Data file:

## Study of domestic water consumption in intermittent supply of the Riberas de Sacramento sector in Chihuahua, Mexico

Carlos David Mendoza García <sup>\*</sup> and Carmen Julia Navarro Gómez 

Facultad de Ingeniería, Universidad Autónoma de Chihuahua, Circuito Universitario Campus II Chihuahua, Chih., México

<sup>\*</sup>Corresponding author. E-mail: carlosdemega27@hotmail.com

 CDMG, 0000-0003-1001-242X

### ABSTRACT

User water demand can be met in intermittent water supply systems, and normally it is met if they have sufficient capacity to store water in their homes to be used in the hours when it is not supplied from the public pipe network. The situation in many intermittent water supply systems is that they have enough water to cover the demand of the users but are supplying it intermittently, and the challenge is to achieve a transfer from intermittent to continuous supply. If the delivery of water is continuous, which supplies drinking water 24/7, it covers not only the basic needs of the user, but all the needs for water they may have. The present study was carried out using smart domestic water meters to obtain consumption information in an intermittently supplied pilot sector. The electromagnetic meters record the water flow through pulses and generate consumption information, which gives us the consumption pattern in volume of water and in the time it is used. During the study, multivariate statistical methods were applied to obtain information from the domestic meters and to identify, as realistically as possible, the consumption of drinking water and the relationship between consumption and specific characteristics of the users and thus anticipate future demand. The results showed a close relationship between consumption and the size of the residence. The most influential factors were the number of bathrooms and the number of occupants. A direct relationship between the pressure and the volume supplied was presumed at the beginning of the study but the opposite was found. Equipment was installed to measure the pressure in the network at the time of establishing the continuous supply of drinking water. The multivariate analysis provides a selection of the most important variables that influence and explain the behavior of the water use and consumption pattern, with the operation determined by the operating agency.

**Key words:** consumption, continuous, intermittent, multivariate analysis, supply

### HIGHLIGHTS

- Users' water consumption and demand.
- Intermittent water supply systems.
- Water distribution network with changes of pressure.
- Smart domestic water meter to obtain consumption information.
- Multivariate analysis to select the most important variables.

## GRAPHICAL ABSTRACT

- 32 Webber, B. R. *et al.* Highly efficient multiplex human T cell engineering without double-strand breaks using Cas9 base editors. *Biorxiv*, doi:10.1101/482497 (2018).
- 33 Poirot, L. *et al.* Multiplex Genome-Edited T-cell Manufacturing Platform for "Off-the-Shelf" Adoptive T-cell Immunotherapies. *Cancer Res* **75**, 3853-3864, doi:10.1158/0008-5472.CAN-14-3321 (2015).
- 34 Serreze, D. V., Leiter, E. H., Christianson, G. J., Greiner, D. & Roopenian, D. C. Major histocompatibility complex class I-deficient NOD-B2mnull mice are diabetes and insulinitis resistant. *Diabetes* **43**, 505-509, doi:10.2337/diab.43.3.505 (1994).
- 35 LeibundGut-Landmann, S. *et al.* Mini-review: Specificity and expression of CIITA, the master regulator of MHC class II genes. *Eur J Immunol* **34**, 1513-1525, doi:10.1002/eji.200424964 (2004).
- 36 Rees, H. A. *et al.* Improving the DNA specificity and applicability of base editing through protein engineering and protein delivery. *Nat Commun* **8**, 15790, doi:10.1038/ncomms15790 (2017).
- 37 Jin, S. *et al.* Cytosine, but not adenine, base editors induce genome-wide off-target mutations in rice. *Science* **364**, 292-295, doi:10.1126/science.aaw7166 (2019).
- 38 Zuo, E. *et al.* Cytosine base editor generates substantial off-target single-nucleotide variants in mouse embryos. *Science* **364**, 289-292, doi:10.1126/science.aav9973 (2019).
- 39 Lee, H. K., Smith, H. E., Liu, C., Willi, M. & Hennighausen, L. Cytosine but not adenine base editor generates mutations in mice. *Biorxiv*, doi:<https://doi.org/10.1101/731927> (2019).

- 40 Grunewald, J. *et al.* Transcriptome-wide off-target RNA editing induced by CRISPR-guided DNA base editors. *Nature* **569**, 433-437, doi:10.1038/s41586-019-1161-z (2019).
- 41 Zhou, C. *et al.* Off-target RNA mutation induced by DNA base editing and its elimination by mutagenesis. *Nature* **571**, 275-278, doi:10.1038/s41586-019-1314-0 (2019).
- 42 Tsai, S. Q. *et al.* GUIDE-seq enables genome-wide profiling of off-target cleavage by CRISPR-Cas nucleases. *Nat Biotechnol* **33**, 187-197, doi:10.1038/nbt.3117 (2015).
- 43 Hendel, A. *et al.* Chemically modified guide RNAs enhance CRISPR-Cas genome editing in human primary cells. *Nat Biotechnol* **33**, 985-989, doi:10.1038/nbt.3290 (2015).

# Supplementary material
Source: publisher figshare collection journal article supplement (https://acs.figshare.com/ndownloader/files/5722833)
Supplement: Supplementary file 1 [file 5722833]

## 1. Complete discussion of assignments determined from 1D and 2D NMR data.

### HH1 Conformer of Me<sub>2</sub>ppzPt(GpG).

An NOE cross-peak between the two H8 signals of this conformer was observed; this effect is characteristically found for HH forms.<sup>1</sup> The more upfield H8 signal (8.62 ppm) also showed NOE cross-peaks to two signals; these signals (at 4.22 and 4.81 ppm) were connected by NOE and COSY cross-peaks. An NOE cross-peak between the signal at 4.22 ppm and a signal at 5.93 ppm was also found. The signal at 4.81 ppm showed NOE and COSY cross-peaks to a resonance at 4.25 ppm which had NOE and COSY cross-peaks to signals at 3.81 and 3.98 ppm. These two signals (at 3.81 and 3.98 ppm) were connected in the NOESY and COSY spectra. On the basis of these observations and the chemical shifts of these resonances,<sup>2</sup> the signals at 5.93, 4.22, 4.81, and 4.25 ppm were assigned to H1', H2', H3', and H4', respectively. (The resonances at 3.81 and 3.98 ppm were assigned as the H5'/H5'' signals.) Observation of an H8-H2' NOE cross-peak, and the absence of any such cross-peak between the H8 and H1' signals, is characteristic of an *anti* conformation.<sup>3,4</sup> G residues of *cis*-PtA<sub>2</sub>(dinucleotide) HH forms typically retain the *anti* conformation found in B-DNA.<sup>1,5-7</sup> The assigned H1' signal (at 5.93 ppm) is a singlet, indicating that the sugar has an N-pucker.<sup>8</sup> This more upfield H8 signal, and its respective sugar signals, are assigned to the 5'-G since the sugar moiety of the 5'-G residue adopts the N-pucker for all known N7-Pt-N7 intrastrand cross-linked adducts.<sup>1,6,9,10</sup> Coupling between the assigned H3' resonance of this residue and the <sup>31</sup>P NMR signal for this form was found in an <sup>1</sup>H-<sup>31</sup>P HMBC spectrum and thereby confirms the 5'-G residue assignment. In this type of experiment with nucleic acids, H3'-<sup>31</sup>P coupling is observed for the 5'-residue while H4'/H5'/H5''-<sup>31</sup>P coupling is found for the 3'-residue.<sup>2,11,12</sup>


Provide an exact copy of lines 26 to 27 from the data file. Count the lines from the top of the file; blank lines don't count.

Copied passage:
- 42 Tsai, S. Q. *et al.* GUIDE-seq enables genome-wide profiling of off-target cleavage by CRISPR-Cas nucleases. *Nat Biotechnol* **33**, 187-197, doi:10.1038/nbt.3117 (2015).
- 43 Hendel, A. *et al.* Chemically modified guide RNAs enhance CRISPR-Cas genome editing in human primary cells. *Nat Biotechnol* **33**, 985-989, doi:10.1038/nbt.3290 (2015).